Jack Yang is a managing partner at Highland Capital Management. He is based in New York.
Hedge fund operations have been thrust onto the front pages over the past 6 months as a result of some high profile cases of fraud, proposed new regulations and redemption gates. So we’ve come to Grand Cayman this week to find out how the hedge fund community is responding to these pressures. Much of this year’s “GAIM Ops” program focuses on due diligence, liquidity, third party administration and compliance - all of which have suddenly become key sources of competitive advantage in the post-Madoff world.
We’ll try to live-blog part of this one for you (as we did for Battle of the Quants in NY in February) so stay tuned. In the meantime, here is a round-up of stories that have caught our eye recently…
Power to the Hedge Funds! Long demonized, they may be the model firms of the future (Newsweek): It has become very rare for a mainstream media outlet to endorse the hedge fund industry. Is Newsweek’s piece last week a sign that mainstream anti-hedge fund rhetoric is waning? You be the judge.
“The industry’s total capital plunged by $600 billion to $1.33 trillion as of the end of the first quarter of 2009, during which investors yanked another $104 billion out of them, according to data released Tuesday.
“But here’s the key point: the fallout happened very quietly-with no systemic risk discernible. Compared to the overlong horror movie we’ve been watching-Night of the Living Dead Banks-what happened in the hedge-fund world sounds almost healthy and clean. After all, that’s the way capitalism is supposed to work: incompetents go out of business, smart guys clean up. And overall, the hedge-fund industry has shown remarkable resiliency in the face of the catastrophe, turning in a gain of 0.53 percent in the first quarter.”
Demand for Hedge Fund Separate Accounts ‘a Knee-Jerk Reaction’ (Bloomberg): A couple of weeks ago we wondered if the sudden popularity of managed accounts might actually have a negative effect on many investors. Now some experts are questioning the very basis for the trend.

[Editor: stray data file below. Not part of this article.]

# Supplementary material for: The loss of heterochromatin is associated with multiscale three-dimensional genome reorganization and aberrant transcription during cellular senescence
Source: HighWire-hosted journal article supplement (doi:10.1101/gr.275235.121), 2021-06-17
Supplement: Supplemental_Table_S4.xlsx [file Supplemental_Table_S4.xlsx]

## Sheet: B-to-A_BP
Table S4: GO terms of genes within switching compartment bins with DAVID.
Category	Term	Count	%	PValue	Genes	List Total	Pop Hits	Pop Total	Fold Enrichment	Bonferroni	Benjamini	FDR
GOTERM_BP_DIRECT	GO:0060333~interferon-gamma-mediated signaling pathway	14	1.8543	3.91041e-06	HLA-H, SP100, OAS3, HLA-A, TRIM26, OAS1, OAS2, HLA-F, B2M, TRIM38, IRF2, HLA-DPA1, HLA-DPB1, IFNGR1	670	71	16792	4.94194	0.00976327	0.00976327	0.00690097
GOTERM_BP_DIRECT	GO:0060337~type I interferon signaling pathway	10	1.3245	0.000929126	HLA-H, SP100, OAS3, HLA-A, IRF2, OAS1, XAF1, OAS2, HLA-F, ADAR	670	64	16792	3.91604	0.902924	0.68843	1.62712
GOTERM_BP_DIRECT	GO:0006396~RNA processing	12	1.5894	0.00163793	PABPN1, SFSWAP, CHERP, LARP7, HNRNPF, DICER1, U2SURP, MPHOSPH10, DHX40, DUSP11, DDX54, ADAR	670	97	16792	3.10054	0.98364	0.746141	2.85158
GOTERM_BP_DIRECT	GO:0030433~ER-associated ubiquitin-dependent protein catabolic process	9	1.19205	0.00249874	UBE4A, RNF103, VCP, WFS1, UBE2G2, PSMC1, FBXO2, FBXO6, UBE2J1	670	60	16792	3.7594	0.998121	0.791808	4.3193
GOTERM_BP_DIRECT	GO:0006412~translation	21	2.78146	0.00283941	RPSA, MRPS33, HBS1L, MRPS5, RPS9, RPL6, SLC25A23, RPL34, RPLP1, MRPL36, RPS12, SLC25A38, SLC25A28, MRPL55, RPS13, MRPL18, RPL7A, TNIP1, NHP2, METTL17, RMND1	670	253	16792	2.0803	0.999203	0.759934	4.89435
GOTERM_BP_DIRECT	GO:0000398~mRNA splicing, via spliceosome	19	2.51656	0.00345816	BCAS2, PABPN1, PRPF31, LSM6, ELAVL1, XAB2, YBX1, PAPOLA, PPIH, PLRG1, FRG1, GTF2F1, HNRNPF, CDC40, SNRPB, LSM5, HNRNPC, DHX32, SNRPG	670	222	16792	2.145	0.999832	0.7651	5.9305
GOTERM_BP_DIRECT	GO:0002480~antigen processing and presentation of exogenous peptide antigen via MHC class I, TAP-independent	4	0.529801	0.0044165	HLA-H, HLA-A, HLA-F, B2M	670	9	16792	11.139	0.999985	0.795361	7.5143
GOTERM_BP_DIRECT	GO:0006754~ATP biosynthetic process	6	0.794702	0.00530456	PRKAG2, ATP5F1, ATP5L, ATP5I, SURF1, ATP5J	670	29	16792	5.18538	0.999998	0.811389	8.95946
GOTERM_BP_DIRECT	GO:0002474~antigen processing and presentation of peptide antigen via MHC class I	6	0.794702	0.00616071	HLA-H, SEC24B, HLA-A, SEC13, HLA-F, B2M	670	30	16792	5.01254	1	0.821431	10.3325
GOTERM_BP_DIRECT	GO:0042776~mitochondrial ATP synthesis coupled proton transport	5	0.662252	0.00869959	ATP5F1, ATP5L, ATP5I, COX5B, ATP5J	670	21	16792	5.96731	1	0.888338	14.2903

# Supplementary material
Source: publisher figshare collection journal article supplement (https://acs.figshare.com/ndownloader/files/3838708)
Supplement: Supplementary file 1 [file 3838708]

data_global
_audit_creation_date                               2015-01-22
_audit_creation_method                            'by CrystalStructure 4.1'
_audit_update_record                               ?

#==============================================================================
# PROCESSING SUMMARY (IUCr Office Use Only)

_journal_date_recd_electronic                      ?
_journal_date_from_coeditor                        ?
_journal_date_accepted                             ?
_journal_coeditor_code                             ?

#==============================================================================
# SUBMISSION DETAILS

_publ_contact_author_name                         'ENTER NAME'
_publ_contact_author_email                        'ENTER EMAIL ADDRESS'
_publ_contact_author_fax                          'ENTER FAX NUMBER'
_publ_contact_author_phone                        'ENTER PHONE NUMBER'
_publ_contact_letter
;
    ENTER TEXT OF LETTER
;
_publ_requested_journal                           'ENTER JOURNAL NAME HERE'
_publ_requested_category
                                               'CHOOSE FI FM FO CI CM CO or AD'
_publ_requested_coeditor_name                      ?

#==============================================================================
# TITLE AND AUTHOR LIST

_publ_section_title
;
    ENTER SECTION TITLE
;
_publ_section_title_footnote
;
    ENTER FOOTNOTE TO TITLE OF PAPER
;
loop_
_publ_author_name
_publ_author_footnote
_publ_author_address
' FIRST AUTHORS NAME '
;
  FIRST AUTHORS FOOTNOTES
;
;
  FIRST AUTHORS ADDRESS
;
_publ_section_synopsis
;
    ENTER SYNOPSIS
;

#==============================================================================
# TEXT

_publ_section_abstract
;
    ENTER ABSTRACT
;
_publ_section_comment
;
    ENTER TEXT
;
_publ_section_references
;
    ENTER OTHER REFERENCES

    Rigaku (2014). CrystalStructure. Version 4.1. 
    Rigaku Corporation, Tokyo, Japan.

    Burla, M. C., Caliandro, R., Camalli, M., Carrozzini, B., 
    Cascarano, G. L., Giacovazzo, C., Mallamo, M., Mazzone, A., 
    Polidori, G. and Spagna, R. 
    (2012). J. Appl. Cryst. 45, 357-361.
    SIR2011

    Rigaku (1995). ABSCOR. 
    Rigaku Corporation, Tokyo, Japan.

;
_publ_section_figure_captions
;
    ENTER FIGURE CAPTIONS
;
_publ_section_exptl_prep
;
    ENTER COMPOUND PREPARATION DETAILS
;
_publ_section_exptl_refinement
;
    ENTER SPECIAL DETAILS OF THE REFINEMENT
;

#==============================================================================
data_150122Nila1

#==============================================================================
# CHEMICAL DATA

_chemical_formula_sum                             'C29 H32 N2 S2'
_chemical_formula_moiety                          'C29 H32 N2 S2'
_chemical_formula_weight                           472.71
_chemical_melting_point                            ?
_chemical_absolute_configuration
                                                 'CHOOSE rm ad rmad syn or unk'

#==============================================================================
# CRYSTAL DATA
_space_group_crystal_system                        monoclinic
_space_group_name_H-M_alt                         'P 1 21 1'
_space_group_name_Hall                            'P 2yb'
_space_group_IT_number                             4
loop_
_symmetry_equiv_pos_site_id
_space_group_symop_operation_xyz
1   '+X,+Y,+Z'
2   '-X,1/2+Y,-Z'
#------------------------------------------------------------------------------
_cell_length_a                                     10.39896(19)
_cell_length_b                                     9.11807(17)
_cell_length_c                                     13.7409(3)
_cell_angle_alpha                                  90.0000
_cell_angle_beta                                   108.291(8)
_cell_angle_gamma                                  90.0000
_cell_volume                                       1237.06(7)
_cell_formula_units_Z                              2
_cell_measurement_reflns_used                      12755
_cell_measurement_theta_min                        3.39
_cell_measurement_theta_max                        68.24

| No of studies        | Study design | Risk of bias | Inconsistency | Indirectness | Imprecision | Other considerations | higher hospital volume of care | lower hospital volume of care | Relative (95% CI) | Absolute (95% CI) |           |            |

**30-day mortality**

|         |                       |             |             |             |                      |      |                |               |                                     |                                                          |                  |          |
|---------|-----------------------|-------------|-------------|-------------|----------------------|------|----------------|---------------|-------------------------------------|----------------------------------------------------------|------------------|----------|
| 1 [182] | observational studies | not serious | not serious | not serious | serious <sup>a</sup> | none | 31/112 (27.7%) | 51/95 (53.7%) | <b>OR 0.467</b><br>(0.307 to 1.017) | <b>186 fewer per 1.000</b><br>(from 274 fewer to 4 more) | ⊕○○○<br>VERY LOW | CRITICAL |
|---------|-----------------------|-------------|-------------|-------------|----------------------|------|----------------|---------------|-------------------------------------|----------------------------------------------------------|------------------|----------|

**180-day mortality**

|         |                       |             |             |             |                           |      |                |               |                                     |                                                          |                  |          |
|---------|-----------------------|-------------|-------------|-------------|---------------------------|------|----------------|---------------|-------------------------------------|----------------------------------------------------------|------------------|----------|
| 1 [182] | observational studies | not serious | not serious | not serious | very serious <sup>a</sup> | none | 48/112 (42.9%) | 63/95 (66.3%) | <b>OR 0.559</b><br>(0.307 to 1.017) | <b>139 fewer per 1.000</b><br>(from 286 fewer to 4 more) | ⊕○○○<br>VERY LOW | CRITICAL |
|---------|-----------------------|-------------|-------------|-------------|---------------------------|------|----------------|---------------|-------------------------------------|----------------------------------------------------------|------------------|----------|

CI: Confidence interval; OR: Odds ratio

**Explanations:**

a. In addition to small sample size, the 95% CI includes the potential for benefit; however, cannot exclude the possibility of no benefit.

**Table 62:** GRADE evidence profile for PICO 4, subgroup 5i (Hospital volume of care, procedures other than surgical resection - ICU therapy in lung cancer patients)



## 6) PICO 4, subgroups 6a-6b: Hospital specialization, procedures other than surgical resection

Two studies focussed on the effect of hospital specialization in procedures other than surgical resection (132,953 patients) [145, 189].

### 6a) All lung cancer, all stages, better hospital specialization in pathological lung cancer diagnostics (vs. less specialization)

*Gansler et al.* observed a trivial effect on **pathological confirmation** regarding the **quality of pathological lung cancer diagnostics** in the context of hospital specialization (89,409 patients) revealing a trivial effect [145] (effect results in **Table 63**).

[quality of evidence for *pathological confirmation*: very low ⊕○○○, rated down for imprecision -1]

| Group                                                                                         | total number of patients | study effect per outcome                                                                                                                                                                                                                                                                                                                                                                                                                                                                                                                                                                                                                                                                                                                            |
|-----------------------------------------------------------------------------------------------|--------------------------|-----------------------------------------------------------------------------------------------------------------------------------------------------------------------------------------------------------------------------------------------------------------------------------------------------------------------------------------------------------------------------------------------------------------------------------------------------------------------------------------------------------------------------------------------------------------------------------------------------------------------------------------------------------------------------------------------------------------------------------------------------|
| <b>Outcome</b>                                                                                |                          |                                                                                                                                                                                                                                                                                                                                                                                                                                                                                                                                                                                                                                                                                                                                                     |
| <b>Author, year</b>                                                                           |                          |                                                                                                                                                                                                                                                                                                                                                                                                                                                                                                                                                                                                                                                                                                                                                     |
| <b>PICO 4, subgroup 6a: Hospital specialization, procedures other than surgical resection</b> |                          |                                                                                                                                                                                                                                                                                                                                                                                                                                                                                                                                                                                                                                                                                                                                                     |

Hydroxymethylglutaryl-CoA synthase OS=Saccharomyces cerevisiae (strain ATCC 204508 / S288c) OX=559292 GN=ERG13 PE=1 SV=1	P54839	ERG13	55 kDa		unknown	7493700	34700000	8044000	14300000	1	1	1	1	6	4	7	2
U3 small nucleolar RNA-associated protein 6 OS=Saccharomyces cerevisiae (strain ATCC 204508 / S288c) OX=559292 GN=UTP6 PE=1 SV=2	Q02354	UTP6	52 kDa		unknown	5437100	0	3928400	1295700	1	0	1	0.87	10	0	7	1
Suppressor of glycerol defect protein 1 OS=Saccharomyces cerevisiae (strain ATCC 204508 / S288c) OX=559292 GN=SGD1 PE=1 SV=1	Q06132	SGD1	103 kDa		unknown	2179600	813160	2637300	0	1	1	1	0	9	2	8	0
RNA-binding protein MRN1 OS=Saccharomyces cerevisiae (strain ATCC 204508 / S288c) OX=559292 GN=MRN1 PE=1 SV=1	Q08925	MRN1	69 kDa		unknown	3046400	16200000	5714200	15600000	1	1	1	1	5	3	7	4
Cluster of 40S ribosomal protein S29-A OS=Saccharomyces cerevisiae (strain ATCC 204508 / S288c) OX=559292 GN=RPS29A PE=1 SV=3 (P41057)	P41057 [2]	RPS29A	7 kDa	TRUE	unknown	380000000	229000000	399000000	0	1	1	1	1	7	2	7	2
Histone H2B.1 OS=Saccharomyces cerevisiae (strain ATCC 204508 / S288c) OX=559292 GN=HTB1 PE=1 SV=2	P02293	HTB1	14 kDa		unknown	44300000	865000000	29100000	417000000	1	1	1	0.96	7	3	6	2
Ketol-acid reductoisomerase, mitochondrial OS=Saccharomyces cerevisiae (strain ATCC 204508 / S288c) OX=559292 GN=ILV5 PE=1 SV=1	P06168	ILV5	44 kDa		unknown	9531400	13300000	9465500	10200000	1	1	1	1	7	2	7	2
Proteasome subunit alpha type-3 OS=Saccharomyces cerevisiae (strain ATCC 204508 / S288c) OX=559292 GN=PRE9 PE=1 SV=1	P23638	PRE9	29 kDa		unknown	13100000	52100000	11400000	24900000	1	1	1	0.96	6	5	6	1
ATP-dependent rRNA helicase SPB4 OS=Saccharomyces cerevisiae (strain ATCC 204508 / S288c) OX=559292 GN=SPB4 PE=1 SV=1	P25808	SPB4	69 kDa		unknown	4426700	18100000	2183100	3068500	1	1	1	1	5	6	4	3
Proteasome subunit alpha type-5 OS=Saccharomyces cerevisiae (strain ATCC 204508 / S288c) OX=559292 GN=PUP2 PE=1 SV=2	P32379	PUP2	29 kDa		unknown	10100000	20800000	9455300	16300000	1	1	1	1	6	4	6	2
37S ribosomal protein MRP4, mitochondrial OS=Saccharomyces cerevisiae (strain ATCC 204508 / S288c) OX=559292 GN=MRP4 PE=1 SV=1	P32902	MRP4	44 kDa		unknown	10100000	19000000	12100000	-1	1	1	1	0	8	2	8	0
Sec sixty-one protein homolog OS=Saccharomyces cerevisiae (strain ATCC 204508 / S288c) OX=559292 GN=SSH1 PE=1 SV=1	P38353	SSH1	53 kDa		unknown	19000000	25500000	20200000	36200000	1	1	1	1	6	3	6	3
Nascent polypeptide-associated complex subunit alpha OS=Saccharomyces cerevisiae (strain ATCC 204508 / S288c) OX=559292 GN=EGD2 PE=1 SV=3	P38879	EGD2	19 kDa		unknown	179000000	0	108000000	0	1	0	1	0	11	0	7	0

“Hedge fund investors’ growing demands for separate accounts may be an overreaction to increasing redemptions and fraud, participants said at an industry conference in Hong Kong this week.
“‘I think the demand for managed accounts is to some extent a knee-jerk reaction to the liquidity mismatch that the industry has had,’ said Au King-lun, chief executive officer of the Hong Kong office of Financial Risk Management, a London-based fund of funds manager overseeing $10 billion.”
According to a forecast from Casey Quirk and Bank of New York Mellon last week, funds of funds will soon represent only 43% of HF assets. This, after making up nearly half in 2007 (see chart below from report).
This may have been a pretty good call. Data released by HFR last week shows that 85% of redemptions in Q1, 2009 were from funds of funds. That means that the funds of funds seem to have been sitting on idle cash waiting for redemption day - essentially creating a buffer between the single managers and the redeeming investors. Critics will wryly suggest that funds of funds do have some redeeming qualities after all (at least, last month).
Bank cutbacks aid hedge funds (Financial Times): Not only are banks providing hedge funds with less competition for talent (see, for example, “Star commodities traders ditch banks for hedge funds“), not now they’re leaving the best trades for them too.
European pension funds increase weightings in non-traditional asset classes (Mercer): More evidence that alternative investments aren’t going away any time soon…
“Following last year’s unprecedented market conditions, European pension schemes are increasing their allocation to non-traditional asset classes to manage their risks more effectively, according to Mercer’s annual European Asset Allocation Survey. The survey of over 1,000 European pension funds with assets of €400 billion found that 35 percent of UK schemes and 60 percent of European schemes (excluding the UK) expect to introduce new investment opportunities into their portfolio to help manage future investment risk.
“Tom Geraghty, European head of Mercer’s investment consulting business commented: ‘Despite being innately diverse in history, culture and regulatory requirements, European pension funds have all felt the effect of the last year’s market turmoil. The banking crisis and collapse of Lehman Brothers highlighted the operational risks associated with the investment of institutional assets and brought counterparty credit risks more into focus. Funds are now looking at ways to manage the risk inherent in their schemes, mainly through further diversification of their assets.’”